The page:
As the season of giving thanks approaches, we might wonder after all the uncertainty and restrictions of the Coronavirus, what on earth do we have to be grateful for?  Much as we’ve eagerly anticipated going back to normal or even a ‘new normal’, we have yet to experience anything but speculation. We’re even cautioned to not gather more than our immediate families around the table during the holidays. What more, what else can be taken away?

You may already have paused to reflect and to wonder, is there a point to this virus? Is there some meaning or great life lesson to be learned?

One lesson worth noting is the very idea of giving thanks. We’ve all thought a lot about what we don’t have recently or what’s been taken away. Perhaps there is no better time to reevaluate, turn the tables, and reflect on what we have.

We’ve grown accustomed to a very cushy lifestyle – most of us anyway. We can punch in an order for a ready-to-eat meal, buy groceries, select anything under the sun from Amazon and it will appear on our doorstep in a matter of minutes, hours, or at the most a few days. Immediate gratification is the norm. No payment plans, no saving for a rainy day, that day is here and now. Our attics, basements, closets, and garages are full to overflowing yet shopping continues to be a favorite pastime, where we’re enticed to buy even more.

Air travel takes us anywhere and everywhere to both domestic and international destinations. The once-in-a-lifetime cruise of my parent’s generation is a yearly vacation. We stay in immediate touch with friends and relatives, no longer having to make a  weekly check-in call to the parents or grandkids. We’re face-to-face live at any given moment.  We see – we want – we buy. There is very little true and honest need among most of us anymore.

We’re never bored. The social media gurus and the entertainment industry make sure of that. We have remotes that turn on our lights, televisions, and garage doors. Alexa, Siri, and Google will answer all our questions. No need to get off that couch or open a book. But is all that good for us? Do we take it all for granted, merely wanting more of the same? Or has the coronavirus changed things?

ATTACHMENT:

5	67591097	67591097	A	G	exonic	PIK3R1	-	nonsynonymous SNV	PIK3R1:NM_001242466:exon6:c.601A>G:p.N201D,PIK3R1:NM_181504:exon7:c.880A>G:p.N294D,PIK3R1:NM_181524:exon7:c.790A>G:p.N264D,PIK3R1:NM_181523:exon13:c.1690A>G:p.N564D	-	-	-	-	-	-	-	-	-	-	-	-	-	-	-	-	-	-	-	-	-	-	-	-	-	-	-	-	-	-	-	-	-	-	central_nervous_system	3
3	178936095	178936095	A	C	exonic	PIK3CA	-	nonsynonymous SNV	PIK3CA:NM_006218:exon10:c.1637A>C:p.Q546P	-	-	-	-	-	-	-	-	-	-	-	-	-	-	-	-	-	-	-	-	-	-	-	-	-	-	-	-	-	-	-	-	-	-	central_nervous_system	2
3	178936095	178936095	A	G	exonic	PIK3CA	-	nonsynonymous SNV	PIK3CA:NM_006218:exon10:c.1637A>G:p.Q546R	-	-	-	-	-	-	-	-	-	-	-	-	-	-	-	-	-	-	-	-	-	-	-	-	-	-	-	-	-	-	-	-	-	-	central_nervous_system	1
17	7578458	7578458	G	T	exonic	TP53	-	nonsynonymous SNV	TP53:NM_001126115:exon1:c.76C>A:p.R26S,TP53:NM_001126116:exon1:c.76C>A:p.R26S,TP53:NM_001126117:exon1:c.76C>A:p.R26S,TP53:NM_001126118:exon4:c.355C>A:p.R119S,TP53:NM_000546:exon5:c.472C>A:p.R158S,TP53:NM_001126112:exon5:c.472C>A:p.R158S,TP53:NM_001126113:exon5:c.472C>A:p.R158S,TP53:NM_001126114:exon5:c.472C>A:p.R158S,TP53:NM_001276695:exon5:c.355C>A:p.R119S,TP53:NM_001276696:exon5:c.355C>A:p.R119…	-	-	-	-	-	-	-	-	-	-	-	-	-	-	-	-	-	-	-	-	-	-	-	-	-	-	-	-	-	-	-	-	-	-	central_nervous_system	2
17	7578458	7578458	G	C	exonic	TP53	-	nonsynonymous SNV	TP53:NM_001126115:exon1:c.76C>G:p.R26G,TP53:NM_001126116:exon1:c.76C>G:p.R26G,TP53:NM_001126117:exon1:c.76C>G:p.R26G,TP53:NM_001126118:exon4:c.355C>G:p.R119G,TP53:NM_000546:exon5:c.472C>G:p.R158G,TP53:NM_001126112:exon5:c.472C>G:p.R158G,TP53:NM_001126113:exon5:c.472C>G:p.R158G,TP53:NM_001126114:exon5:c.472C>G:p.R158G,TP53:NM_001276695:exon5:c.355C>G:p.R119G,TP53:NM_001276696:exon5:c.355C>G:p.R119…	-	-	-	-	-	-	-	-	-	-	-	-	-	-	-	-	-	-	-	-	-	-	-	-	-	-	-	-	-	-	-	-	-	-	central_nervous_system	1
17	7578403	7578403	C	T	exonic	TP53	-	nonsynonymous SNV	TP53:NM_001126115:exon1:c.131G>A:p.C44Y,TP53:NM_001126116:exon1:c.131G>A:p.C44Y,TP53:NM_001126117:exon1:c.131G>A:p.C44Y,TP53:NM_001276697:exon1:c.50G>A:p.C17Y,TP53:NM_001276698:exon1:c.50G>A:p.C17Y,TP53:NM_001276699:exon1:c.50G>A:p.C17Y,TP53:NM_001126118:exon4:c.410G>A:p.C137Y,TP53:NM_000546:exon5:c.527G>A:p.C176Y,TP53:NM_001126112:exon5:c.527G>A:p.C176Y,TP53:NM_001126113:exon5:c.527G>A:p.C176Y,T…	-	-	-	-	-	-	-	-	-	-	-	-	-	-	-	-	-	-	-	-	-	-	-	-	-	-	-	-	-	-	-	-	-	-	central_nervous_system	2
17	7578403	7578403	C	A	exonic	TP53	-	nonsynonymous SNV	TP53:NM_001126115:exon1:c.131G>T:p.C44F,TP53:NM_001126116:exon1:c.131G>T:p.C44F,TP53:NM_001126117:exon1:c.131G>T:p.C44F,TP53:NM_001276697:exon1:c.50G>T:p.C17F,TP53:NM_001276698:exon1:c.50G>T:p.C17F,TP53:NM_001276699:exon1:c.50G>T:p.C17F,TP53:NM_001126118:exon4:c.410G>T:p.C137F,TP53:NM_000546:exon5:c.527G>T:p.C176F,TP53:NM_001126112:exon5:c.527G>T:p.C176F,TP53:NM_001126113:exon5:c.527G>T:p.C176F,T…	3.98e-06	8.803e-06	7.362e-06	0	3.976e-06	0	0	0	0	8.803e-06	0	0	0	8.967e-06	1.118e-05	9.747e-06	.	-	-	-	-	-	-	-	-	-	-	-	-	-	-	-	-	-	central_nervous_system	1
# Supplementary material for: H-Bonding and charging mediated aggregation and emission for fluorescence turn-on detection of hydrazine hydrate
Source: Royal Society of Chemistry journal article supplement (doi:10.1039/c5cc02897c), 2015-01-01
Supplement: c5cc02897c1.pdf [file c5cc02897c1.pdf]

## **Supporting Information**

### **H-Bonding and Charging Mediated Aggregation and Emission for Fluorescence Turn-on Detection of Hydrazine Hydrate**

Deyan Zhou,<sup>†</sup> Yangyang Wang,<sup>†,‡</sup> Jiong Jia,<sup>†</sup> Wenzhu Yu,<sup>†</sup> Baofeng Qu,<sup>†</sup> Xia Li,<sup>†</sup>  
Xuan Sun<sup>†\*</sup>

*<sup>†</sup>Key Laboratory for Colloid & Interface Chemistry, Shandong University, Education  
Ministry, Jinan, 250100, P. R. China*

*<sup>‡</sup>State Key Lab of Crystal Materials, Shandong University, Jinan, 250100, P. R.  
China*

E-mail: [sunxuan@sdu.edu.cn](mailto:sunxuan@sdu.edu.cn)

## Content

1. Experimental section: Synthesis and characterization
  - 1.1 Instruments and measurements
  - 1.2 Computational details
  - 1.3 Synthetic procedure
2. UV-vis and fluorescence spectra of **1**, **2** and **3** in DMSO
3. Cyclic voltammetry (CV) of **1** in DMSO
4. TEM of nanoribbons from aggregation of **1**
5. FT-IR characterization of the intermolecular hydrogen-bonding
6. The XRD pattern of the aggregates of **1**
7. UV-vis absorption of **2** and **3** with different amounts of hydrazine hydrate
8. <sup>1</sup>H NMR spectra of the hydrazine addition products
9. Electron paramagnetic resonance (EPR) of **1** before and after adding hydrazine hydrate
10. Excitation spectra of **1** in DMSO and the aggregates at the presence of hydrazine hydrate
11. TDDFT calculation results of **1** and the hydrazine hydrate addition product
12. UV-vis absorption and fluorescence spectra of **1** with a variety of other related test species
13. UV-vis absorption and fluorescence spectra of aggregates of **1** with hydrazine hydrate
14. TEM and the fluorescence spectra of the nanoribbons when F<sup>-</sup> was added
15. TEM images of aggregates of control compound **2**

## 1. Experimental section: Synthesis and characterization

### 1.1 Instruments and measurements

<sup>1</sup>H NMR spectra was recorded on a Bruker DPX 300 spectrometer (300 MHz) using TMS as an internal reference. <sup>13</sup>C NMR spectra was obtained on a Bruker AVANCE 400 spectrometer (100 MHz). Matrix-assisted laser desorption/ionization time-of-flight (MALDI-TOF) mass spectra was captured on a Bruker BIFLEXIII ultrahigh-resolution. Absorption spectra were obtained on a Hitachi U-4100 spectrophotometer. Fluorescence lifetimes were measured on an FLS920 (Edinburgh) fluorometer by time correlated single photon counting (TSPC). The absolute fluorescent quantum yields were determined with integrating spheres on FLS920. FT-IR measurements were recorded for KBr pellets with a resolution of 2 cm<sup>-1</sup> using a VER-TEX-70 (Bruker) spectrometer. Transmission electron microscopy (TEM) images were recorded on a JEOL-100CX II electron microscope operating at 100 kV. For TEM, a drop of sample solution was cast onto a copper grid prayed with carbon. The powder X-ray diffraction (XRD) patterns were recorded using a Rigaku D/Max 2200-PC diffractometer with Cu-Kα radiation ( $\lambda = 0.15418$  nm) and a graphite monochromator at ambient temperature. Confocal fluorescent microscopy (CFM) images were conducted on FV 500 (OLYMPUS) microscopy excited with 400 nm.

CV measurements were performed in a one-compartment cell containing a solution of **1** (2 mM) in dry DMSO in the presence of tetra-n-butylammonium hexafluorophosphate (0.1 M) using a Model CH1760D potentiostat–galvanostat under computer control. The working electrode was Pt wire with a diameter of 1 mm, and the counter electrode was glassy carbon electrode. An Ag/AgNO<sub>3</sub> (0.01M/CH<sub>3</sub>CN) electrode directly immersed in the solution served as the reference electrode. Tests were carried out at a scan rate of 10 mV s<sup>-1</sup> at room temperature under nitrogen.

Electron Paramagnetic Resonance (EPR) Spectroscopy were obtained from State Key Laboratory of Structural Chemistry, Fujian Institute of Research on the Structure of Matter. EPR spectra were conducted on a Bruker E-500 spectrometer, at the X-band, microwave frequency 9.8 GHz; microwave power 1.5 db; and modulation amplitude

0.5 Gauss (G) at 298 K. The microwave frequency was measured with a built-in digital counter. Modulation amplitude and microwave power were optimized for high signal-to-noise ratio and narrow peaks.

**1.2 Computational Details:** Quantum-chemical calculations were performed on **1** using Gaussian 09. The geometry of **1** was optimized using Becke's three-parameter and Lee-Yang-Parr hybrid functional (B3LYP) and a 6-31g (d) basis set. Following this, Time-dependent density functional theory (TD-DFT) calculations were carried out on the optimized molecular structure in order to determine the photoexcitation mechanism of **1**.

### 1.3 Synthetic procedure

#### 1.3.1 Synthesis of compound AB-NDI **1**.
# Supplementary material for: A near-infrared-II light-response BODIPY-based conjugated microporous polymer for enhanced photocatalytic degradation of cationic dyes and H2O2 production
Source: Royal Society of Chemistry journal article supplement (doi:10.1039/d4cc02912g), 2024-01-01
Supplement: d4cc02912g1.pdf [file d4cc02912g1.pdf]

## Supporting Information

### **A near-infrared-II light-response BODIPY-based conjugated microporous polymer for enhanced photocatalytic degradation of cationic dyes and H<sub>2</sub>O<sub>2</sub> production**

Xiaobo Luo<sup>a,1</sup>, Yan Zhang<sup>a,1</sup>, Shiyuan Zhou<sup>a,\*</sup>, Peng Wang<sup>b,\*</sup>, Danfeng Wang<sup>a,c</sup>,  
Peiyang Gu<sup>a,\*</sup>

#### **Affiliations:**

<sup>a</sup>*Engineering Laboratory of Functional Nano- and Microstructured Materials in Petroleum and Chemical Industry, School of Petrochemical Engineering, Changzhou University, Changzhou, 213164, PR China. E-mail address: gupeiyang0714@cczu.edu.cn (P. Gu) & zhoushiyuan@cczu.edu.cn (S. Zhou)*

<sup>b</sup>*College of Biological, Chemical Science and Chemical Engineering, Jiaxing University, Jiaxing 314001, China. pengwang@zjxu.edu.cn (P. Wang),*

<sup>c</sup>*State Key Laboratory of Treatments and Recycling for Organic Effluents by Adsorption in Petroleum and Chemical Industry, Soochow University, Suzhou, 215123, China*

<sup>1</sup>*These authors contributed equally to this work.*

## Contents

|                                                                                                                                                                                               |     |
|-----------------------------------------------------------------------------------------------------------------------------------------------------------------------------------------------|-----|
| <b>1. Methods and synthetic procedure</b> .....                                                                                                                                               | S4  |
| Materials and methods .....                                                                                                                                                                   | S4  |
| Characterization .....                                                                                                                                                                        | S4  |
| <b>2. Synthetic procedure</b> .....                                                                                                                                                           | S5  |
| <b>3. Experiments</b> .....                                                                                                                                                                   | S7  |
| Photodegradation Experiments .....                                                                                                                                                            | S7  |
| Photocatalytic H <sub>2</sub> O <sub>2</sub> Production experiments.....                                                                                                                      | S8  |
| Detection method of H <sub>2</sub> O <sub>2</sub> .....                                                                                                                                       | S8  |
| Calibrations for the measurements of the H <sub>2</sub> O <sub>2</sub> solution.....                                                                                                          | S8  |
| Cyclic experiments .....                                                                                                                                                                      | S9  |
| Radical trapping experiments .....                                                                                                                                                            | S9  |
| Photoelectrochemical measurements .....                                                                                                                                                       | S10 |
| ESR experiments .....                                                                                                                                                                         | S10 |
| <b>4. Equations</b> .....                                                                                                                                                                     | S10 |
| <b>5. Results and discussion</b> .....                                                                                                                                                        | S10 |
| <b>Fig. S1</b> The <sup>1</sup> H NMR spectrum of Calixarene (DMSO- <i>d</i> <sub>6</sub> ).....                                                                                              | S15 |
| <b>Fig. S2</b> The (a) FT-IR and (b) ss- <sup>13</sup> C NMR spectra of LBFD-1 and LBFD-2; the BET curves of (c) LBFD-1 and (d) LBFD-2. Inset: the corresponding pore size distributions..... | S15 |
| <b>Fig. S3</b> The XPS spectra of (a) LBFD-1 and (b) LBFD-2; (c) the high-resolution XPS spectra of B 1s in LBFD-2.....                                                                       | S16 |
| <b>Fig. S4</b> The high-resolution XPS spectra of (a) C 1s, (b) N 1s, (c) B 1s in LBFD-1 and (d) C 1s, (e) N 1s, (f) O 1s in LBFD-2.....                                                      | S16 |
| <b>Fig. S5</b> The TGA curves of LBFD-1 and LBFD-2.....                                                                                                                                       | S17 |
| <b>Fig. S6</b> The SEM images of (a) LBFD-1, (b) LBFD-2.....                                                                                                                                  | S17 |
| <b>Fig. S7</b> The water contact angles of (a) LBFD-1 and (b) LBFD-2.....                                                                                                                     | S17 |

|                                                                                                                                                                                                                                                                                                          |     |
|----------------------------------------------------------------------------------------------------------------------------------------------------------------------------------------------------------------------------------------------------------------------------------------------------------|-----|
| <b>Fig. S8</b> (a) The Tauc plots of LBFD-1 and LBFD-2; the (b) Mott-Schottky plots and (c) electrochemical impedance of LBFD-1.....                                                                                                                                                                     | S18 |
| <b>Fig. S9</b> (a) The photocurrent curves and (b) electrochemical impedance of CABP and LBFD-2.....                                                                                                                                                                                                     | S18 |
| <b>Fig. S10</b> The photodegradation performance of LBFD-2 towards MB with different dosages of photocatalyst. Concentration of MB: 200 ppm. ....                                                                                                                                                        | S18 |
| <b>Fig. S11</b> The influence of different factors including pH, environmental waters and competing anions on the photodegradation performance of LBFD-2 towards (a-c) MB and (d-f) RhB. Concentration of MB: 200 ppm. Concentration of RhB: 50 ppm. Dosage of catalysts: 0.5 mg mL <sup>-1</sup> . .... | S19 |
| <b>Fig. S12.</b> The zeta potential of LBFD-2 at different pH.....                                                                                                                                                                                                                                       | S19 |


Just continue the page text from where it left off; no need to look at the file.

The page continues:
Suddenly, when some of those gratification impulses hit a wall, we don’t like that. We are not accustomed to waiting, being patient, and certainly not striving. I’d like to suggest that a little bit of roughing it, struggling might actually be good for us.

Many of us have discovered the joy of gardening, cooking, discovered a latent talent, or developed a new appreciation of the outdoors or sports. We’ve gotten down and dirtied our hands. We’ve found pleasure and a source of pride for even trying, no matter how minimal, with often surprising results.  We’ve made an honest appraisal of all our stuff, deciding that minimalism is now the way. That donating to the less fortunate is better than continually amassing more.

I don’t intend to minimize our struggles. They are very real. Dealing constantly with an uncertain future takes its toll on our emotional and spiritual health. We seek answers, a bright side, and some meaning to it all.

What better time than the winter holidays to buckle down and be grateful!  Instead of crying over what should be happening within the next two months, we can focus on what is, and find our joy and contentment. Wise sages and statistics tell us that if we have food on our table, a roof over our heads, and clothes on our back we are far better off than most of the world beyond our shores.

And this starts with gratitude. Taking a good hard look at our lives, our possessions, the very ease with which we go about living. Doing without? Get creative with what you have. Being patient? Patience is a well-known virtue, or so we tell our kids. And struggle. Humans are meant to struggle, not to live lives of ease and comfort. You know the joy derived after an accomplishment that took hard work and a dedicated, no-giving-up attitude that zings endorphins to your self-esteem. We are created to be busy and engaged rather than as lords of the manor to be waited upon for our every desire.

In many faith traditions, ingratitude is even considered a sin! We can appreciate this if we remember how we react when and if we are thanked for any of our acts or words. It’s an interesting phenomenon: when we are grateful we find the universe gives us back far more.

And might even be the lesson behind a pandemic.